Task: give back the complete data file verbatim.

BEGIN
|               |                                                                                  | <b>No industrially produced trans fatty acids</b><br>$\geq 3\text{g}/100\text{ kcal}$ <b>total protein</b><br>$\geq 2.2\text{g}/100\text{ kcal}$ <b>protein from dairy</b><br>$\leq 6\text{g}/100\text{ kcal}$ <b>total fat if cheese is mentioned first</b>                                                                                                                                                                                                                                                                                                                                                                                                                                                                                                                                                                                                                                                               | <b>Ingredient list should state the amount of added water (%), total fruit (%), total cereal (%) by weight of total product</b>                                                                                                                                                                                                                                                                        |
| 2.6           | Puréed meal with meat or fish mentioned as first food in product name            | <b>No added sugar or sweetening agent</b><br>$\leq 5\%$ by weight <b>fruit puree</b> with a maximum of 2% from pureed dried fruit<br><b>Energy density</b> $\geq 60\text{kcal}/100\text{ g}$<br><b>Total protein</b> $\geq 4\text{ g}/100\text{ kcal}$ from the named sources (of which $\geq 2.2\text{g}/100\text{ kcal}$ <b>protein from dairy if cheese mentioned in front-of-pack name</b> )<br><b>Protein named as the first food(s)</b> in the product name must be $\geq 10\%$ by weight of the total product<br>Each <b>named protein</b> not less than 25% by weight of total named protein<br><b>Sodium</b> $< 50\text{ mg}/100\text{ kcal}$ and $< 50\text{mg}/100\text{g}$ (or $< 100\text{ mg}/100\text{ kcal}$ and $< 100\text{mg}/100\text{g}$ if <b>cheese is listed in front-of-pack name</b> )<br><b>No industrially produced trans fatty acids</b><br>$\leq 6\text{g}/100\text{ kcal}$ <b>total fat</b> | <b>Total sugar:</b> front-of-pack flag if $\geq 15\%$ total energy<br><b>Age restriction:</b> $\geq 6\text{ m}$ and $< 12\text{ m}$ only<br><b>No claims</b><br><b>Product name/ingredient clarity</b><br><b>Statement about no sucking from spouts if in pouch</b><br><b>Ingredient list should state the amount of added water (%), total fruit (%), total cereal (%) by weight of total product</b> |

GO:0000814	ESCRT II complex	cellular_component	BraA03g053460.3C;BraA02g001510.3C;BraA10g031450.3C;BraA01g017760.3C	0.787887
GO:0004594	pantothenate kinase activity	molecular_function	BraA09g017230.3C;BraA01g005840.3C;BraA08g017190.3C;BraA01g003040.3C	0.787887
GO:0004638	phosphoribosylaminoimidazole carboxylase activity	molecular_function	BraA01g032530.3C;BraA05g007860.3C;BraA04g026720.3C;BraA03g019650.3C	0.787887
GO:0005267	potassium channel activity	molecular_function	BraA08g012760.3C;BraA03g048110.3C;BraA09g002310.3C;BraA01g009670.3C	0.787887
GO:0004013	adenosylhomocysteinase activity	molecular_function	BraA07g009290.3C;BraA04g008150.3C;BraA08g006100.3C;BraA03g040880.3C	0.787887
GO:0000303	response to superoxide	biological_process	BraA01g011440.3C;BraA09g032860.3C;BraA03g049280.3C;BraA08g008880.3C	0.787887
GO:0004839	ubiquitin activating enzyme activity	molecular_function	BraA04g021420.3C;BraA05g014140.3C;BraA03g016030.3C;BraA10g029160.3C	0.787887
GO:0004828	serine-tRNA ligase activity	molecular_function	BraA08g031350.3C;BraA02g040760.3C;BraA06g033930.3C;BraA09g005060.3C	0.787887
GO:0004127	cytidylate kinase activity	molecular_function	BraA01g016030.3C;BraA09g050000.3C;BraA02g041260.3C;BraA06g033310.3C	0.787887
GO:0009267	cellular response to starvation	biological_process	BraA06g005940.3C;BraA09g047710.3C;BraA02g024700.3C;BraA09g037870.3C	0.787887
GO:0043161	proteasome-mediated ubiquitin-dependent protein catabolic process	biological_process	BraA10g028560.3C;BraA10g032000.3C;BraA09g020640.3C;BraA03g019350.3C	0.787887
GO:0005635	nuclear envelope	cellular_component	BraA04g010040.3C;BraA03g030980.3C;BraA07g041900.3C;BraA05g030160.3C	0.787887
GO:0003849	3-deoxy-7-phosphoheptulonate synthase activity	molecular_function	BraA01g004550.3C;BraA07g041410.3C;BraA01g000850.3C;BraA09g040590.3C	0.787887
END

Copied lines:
|               |                                                                                  | <b>No industrially produced trans fatty acids</b><br>$\geq 3\text{g}/100\text{ kcal}$ <b>total protein</b><br>$\geq 2.2\text{g}/100\text{ kcal}$ <b>protein from dairy</b><br>$\leq 6\text{g}/100\text{ kcal}$ <b>total fat if cheese is mentioned first</b>                                                                                                                                                                                                                                                                                                                                                                                                                                                                                                                                                                                                                                                               | <b>Ingredient list should state the amount of added water (%), total fruit (%), total cereal (%) by weight of total product</b>                                                                                                                                                                                                                                                                        |
| 2.6           | Puréed meal with meat or fish mentioned as first food in product name            | <b>No added sugar or sweetening agent</b><br>$\leq 5\%$ by weight <b>fruit puree</b> with a maximum of 2% from pureed dried fruit<br><b>Energy density</b> $\geq 60\text{kcal}/100\text{ g}$<br><b>Total protein</b> $\geq 4\text{ g}/100\text{ kcal}$ from the named sources (of which $\geq 2.2\text{g}/100\text{ kcal}$ <b>protein from dairy if cheese mentioned in front-of-pack name</b> )<br><b>Protein named as the first food(s)</b> in the product name must be $\geq 10\%$ by weight of the total product<br>Each <b>named protein</b> not less than 25% by weight of total named protein<br><b>Sodium</b> $< 50\text{ mg}/100\text{ kcal}$ and $< 50\text{mg}/100\text{g}$ (or $< 100\text{ mg}/100\text{ kcal}$ and $< 100\text{mg}/100\text{g}$ if <b>cheese is listed in front-of-pack name</b> )<br><b>No industrially produced trans fatty acids</b><br>$\leq 6\text{g}/100\text{ kcal}$ <b>total fat</b> | <b>Total sugar:</b> front-of-pack flag if $\geq 15\%$ total energy<br><b>Age restriction:</b> $\geq 6\text{ m}$ and $< 12\text{ m}$ only<br><b>No claims</b><br><b>Product name/ingredient clarity</b><br><b>Statement about no sucking from spouts if in pouch</b><br><b>Ingredient list should state the amount of added water (%), total fruit (%), total cereal (%) by weight of total product</b> |

GO:0000814	ESCRT II complex	cellular_component	BraA03g053460.3C;BraA02g001510.3C;BraA10g031450.3C;BraA01g017760.3C	0.787887
GO:0004594	pantothenate kinase activity	molecular_function	BraA09g017230.3C;BraA01g005840.3C;BraA08g017190.3C;BraA01g003040.3C	0.787887
GO:0004638	phosphoribosylaminoimidazole carboxylase activity	molecular_function	BraA01g032530.3C;BraA05g007860.3C;BraA04g026720.3C;BraA03g019650.3C	0.787887
GO:0005267	potassium channel activity	molecular_function	BraA08g012760.3C;BraA03g048110.3C;BraA09g002310.3C;BraA01g009670.3C	0.787887
GO:0004013	adenosylhomocysteinase activity	molecular_function	BraA07g009290.3C;BraA04g008150.3C;BraA08g006100.3C;BraA03g040880.3C	0.787887
GO:0000303	response to superoxide	biological_process	BraA01g011440.3C;BraA09g032860.3C;BraA03g049280.3C;BraA08g008880.3C	0.787887
GO:0004839	ubiquitin activating enzyme activity	molecular_function	BraA04g021420.3C;BraA05g014140.3C;BraA03g016030.3C;BraA10g029160.3C	0.787887
GO:0004828	serine-tRNA ligase activity	molecular_function	BraA08g031350.3C;BraA02g040760.3C;BraA06g033930.3C;BraA09g005060.3C	0.787887
GO:0004127	cytidylate kinase activity	molecular_function	BraA01g016030.3C;BraA09g050000.3C;BraA02g041260.3C;BraA06g033310.3C	0.787887
GO:0009267	cellular response to starvation	biological_process	BraA06g005940.3C;BraA09g047710.3C;BraA02g024700.3C;BraA09g037870.3C	0.787887
GO:0043161	proteasome-mediated ubiquitin-dependent protein catabolic process	biological_process	BraA10g028560.3C;BraA10g032000.3C;BraA09g020640.3C;BraA03g019350.3C	0.787887
GO:0005635	nuclear envelope	cellular_component	BraA04g010040.3C;BraA03g030980.3C;BraA07g041900.3C;BraA05g030160.3C	0.787887
GO:0003849	3-deoxy-7-phosphoheptulonate synthase activity	molecular_function	BraA01g004550.3C;BraA07g041410.3C;BraA01g000850.3C;BraA09g040590.3C	0.787887